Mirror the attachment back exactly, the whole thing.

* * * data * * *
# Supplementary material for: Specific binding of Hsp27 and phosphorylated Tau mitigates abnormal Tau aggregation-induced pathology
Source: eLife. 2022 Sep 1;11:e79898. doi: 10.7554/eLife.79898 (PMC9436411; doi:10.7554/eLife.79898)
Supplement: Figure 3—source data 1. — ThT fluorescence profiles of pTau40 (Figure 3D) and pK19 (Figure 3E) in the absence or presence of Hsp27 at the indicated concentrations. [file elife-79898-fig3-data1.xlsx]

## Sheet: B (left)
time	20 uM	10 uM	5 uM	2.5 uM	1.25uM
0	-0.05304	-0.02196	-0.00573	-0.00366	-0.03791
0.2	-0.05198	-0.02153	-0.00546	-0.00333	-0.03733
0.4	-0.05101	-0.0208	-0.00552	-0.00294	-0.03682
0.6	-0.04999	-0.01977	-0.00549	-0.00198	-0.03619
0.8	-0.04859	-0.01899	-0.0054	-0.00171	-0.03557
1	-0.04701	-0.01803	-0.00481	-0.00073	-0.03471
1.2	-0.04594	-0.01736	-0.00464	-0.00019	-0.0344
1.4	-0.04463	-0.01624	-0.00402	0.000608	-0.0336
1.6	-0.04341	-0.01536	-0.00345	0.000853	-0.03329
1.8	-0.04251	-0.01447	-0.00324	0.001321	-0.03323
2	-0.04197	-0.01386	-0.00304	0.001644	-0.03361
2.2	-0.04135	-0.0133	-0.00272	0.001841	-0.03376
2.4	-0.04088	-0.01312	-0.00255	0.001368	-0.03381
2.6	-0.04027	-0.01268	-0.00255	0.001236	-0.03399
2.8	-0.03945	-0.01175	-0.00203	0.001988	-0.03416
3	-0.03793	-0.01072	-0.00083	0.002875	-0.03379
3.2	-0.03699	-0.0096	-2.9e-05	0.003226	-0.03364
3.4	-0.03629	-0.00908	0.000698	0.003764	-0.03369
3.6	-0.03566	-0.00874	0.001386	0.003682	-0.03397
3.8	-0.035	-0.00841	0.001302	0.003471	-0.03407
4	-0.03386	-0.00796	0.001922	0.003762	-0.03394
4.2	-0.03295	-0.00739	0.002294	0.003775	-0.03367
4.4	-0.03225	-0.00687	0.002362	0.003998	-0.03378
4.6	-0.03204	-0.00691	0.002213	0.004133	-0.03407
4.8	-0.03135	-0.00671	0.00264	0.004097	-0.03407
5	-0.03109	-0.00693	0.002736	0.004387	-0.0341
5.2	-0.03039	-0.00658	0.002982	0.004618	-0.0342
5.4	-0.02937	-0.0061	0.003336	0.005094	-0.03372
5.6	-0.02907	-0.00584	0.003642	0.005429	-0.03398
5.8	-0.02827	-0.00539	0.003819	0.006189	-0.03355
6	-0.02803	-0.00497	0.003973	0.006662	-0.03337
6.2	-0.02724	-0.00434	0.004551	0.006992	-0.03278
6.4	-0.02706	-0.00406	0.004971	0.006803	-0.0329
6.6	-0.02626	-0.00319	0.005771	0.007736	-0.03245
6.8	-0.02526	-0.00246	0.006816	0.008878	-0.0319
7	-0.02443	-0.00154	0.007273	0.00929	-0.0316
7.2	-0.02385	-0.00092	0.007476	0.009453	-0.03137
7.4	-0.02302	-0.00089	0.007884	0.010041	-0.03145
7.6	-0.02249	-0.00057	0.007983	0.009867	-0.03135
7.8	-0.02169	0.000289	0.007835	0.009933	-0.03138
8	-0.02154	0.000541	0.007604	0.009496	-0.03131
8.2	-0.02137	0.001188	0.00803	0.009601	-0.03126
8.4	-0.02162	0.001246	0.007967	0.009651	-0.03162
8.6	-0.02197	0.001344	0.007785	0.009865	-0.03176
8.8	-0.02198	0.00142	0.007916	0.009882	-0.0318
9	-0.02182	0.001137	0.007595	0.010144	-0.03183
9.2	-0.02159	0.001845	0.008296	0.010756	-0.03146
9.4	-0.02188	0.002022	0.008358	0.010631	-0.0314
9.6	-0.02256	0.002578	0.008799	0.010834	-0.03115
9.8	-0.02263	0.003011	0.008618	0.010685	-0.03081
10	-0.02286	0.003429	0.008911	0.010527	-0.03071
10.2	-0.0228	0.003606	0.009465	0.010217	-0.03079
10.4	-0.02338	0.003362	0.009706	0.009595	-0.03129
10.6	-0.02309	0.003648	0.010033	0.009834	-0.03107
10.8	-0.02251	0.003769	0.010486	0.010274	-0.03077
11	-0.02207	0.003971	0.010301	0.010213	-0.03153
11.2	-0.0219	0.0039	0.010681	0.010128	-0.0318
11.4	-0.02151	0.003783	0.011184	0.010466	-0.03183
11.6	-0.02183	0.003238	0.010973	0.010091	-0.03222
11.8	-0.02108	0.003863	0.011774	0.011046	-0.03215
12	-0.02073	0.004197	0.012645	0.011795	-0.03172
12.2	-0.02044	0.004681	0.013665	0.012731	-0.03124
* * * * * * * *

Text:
# Supplementary material for: Specific binding of Hsp27 and phosphorylated Tau mitigates abnormal Tau aggregation-induced pathology
Source: eLife. 2022 Sep 1;11:e79898. doi: 10.7554/eLife.79898 (PMC9436411; doi:10.7554/eLife.79898)
Supplement: Figure 3—source data 1. — ThT fluorescence profiles of pTau40 (Figure 3D) and pK19 (Figure 3E) in the absence or presence of Hsp27 at the indicated concentrations. [file elife-79898-fig3-data1.xlsx]

## Sheet: B (left)
time	20 uM	10 uM	5 uM	2.5 uM	1.25uM
0	-0.05304	-0.02196	-0.00573	-0.00366	-0.03791
0.2	-0.05198	-0.02153	-0.00546	-0.00333	-0.03733
0.4	-0.05101	-0.0208	-0.00552	-0.00294	-0.03682
0.6	-0.04999	-0.01977	-0.00549	-0.00198	-0.03619
0.8	-0.04859	-0.01899	-0.0054	-0.00171	-0.03557
1	-0.04701	-0.01803	-0.00481	-0.00073	-0.03471
1.2	-0.04594	-0.01736	-0.00464	-0.00019	-0.0344
1.4	-0.04463	-0.01624	-0.00402	0.000608	-0.0336
1.6	-0.04341	-0.01536	-0.00345	0.000853	-0.03329
1.8	-0.04251	-0.01447	-0.00324	0.001321	-0.03323
2	-0.04197	-0.01386	-0.00304	0.001644	-0.03361
2.2	-0.04135	-0.0133	-0.00272	0.001841	-0.03376
2.4	-0.04088	-0.01312	-0.00255	0.001368	-0.03381
2.6	-0.04027	-0.01268	-0.00255	0.001236	-0.03399
2.8	-0.03945	-0.01175	-0.00203	0.001988	-0.03416
3	-0.03793	-0.01072	-0.00083	0.002875	-0.03379
3.2	-0.03699	-0.0096	-2.9e-05	0.003226	-0.03364
3.4	-0.03629	-0.00908	0.000698	0.003764	-0.03369
3.6	-0.03566	-0.00874	0.001386	0.003682	-0.03397
3.8	-0.035	-0.00841	0.001302	0.003471	-0.03407
4	-0.03386	-0.00796	0.001922	0.003762	-0.03394
4.2	-0.03295	-0.00739	0.002294	0.003775	-0.03367
4.4	-0.03225	-0.00687	0.002362	0.003998	-0.03378
4.6	-0.03204	-0.00691	0.002213	0.004133	-0.03407
4.8	-0.03135	-0.00671	0.00264	0.004097	-0.03407
5	-0.03109	-0.00693	0.002736	0.004387	-0.0341
5.2	-0.03039	-0.00658	0.002982	0.004618	-0.0342
5.4	-0.02937	-0.0061	0.003336	0.005094	-0.03372
5.6	-0.02907	-0.00584	0.003642	0.005429	-0.03398
5.8	-0.02827	-0.00539	0.003819	0.006189	-0.03355
6	-0.02803	-0.00497	0.003973	0.006662	-0.03337
6.2	-0.02724	-0.00434	0.004551	0.006992	-0.03278
6.4	-0.02706	-0.00406	0.004971	0.006803	-0.0329
6.6	-0.02626	-0.00319	0.005771	0.007736	-0.03245
6.8	-0.02526	-0.00246	0.006816	0.008878	-0.0319
7	-0.02443	-0.00154	0.007273	0.00929	-0.0316
7.2	-0.02385	-0.00092	0.007476	0.009453	-0.03137
7.4	-0.02302	-0.00089	0.007884	0.010041	-0.03145
7.6	-0.02249	-0.00057	0.007983	0.009867	-0.03135
7.8	-0.02169	0.000289	0.007835	0.009933	-0.03138
8	-0.02154	0.000541	0.007604	0.009496	-0.03131
8.2	-0.02137	0.001188	0.00803	0.009601	-0.03126
8.4	-0.02162	0.001246	0.007967	0.009651	-0.03162
8.6	-0.02197	0.001344	0.007785	0.009865	-0.03176
8.8	-0.02198	0.00142	0.007916	0.009882	-0.0318
9	-0.02182	0.001137	0.007595	0.010144	-0.03183
9.2	-0.02159	0.001845	0.008296	0.010756	-0.03146
9.4	-0.02188	0.002022	0.008358	0.010631	-0.0314
9.6	-0.02256	0.002578	0.008799	0.010834	-0.03115
9.8	-0.02263	0.003011	0.008618	0.010685	-0.03081
10	-0.02286	0.003429	0.008911	0.010527	-0.03071
10.2	-0.0228	0.003606	0.009465	0.010217	-0.03079
10.4	-0.02338	0.003362	0.009706	0.009595	-0.03129
10.6	-0.02309	0.003648	0.010033	0.009834	-0.03107
10.8	-0.02251	0.003769	0.010486	0.010274	-0.03077
11	-0.02207	0.003971	0.010301	0.010213	-0.03153
11.2	-0.0219	0.0039	0.010681	0.010128	-0.0318
11.4	-0.02151	0.003783	0.011184	0.010466	-0.03183
11.6	-0.02183	0.003238	0.010973	0.010091	-0.03222
11.8	-0.02108	0.003863	0.011774	0.011046	-0.03215
12	-0.02073	0.004197	0.012645	0.011795	-0.03172
12.2	-0.02044	0.004681	0.013665	0.012731	-0.03124